The Art of Emotional Resilience

April 17, 2014

 Last week I had some art therapy fun while visiting Wisconsin again.  My first stop was a return to Edgewood College in Madison to spend some creative time with Janice Havlena and her students (ECATS- Edgewood College Art Therapy Students). Since my last visit to Edgewood’s campus in 2011, the art therapy department is now part of a brand new building (The Stream!), which includes an amazing papermaking and mixed media studio inside and a beautiful view of Lake Wingra outside.

edgewoodbuilding

During this visit, I facilitated an art-making workshop with the ECATS focused on making a mini book of strengths.  Janice had a great stash of abandoned art slides, which we re-purposed into an accordion style book. The plastic slide mount surface was also perfect to introduce the joy of playing with alcohol inks!  🙂

edgewood1

edgewood2

If you want to learn more about how to create your own accordion slide mount book, check out this past post.

slidebook4

Identifying a variety of strengths were explored on the altered “pages” of the slide mounts , inspired by these Signature Strengths.  Remembering and activating our strengths can be a helpful way to empower us in times of challenge and distress.

It was awesome to witness the student’s books take form with these positive reminders.  Many thanks to Janice and all the students for hanging out and making art together!

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After my visit at Edgewood College, I headed to Milwaukee to attend this year’s Spring Art Therapy Symposium, The Image Has It: Art, Practice, and the Brain at Mount Mary University, also sponsored by the Wisconsin Art Therapy Association.  The Symposium’s keynote featured Lukasz Konopka, MD & Chris Belkofer PhD, ATR-BC who spoke about their neuroscience research and its implications for art therapy.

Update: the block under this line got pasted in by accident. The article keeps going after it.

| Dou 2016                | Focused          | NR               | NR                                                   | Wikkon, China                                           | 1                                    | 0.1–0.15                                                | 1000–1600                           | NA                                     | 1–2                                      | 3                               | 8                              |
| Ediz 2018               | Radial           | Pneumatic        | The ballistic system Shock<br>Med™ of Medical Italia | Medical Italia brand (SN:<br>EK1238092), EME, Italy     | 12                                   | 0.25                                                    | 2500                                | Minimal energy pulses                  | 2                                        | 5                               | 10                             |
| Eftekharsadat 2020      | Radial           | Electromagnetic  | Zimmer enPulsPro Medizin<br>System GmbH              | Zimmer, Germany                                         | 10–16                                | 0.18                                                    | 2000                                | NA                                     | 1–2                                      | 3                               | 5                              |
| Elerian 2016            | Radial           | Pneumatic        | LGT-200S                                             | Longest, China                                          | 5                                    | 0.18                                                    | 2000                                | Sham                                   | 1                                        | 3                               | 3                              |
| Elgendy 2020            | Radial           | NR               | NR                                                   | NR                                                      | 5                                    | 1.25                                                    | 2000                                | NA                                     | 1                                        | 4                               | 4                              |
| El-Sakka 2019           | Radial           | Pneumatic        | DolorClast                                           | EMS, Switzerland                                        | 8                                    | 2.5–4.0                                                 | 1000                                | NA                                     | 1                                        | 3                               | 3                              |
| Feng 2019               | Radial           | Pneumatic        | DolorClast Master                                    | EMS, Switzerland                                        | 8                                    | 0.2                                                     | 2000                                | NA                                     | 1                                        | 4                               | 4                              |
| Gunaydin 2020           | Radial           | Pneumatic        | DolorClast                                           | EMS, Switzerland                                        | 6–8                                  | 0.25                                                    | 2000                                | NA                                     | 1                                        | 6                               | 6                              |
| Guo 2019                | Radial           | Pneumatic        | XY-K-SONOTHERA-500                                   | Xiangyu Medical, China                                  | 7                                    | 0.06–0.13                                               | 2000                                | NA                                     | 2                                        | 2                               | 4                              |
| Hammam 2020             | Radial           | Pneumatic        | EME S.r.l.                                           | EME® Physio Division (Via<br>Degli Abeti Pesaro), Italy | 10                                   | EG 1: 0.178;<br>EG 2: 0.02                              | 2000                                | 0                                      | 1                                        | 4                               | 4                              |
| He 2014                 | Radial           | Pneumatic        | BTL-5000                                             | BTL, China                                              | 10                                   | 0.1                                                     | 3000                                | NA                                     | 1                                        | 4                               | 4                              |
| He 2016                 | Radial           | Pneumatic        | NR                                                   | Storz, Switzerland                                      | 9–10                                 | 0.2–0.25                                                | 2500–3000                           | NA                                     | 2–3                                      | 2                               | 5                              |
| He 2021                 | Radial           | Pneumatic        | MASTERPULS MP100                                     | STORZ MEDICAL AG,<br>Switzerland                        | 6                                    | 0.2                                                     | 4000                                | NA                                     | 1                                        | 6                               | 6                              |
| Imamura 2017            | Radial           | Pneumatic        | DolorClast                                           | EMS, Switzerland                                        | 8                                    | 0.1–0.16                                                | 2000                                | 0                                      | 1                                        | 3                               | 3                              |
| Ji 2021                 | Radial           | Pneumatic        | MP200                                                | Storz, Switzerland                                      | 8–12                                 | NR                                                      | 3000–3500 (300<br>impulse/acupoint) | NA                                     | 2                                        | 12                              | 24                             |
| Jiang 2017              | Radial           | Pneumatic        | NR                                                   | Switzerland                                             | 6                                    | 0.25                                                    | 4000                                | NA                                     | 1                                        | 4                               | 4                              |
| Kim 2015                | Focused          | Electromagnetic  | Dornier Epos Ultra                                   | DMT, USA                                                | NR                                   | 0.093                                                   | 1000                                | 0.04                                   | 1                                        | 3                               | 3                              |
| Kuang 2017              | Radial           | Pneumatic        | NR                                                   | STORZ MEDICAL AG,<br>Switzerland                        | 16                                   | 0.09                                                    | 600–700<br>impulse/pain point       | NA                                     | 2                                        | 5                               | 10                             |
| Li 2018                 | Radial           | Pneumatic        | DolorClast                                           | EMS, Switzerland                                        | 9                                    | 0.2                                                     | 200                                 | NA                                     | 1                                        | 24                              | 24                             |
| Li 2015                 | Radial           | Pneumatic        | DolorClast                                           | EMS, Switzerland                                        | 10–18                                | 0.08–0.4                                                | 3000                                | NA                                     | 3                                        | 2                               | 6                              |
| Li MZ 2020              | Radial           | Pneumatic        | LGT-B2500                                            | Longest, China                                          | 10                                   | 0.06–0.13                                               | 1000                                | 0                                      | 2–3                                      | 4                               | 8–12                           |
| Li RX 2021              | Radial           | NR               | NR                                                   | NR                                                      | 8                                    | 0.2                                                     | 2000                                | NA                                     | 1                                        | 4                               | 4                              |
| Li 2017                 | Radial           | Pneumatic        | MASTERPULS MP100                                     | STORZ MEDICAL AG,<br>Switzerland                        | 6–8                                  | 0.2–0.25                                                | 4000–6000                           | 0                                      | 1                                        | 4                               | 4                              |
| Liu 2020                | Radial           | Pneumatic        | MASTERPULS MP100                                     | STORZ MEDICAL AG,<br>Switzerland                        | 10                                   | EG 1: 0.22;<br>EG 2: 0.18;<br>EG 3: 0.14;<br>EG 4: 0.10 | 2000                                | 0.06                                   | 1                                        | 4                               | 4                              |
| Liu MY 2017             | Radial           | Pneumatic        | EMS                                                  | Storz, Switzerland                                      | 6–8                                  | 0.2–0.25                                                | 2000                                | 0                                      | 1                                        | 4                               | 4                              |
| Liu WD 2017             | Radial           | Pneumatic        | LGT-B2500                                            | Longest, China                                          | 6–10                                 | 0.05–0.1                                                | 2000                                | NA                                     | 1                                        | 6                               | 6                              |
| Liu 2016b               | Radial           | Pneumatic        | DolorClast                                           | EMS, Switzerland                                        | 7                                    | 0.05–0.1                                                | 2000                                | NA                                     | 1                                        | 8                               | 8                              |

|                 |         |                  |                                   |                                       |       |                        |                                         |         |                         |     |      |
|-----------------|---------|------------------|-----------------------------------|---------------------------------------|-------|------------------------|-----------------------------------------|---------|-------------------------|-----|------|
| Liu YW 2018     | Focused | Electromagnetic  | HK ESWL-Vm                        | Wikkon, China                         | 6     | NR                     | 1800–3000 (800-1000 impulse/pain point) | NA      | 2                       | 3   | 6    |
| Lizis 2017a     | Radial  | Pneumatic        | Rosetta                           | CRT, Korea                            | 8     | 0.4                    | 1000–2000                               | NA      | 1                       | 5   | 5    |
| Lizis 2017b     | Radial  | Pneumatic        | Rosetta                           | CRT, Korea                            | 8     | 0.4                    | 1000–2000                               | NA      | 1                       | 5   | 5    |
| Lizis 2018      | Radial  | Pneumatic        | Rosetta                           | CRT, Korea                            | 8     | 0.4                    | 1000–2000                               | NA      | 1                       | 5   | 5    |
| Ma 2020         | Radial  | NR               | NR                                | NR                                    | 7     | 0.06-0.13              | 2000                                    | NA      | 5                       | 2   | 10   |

I also attended a variety of other inspiring art therapy presentations from Noel L’Esperance, Lori Mackey, Lynn Kapitan, and Bruce Moon…

mmusymposium

I was excited to be able to offer a workshop introducing trauma-informed themes, prompts, and the use of art journaling as a safe, contained space for nurturing and strengthening emotional resilience.  We made mini-art journals (also an accordion book style!) to safely contain inside a matchbox to explore the importance of social support and community:

SafePassageArtJournal

groupSafePassage

If you want to create your own mini matchbox art journal, here’s a simple how to PDF that you can download and print out:

artjournalmatchox

I really had a nice time while in Wisconsin on these art therapy adventures!  I’ve returned with new inspiration and energy, which is always a great win-win!

******

More Inspiration & Resources!

On Resilience, Strengths and Gratitude [Art Journal Pages]

Self-Care through Creative Practice & Intention: Affirmation

Happy Artist’s Life Art Journaling and More Creative Goodness

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5 Responses to “The Art of Emotional Resilience”

  1. Kelley Fewer Says:

    These little books have sparked several ideas…off to make something; thanks for the inspiration!

    Shine on!
    Kelley


  2. Gretchen, in your previous post, the slide frames were blank. Were they blank for these art pieces? Or was the alcohol ink used to cover the photo image left inside? Thank you for sharing!


  3. Great question! The plastic slide mounts I used in the how to post were empty and did not contain any film inside so I used different paper and collage for filling the insides….(no alcohol ink/doesn’t work well on plain paper)… The ones from Janice’s stash in this post did have film inside the slide mount, so some of the students chose to incorporate this into their book design (or collaged over it, pop it out of the frame if they didn’t want to use it)— Because of the film’s slick surface, alcohol inks can be used on them too!


  4. So much inspiration in one post! Thank you!!

  5. ahhtmasphere Says:

    Excellent post, Gretchen. I enjoyed reading and found it enjoyable and educational.


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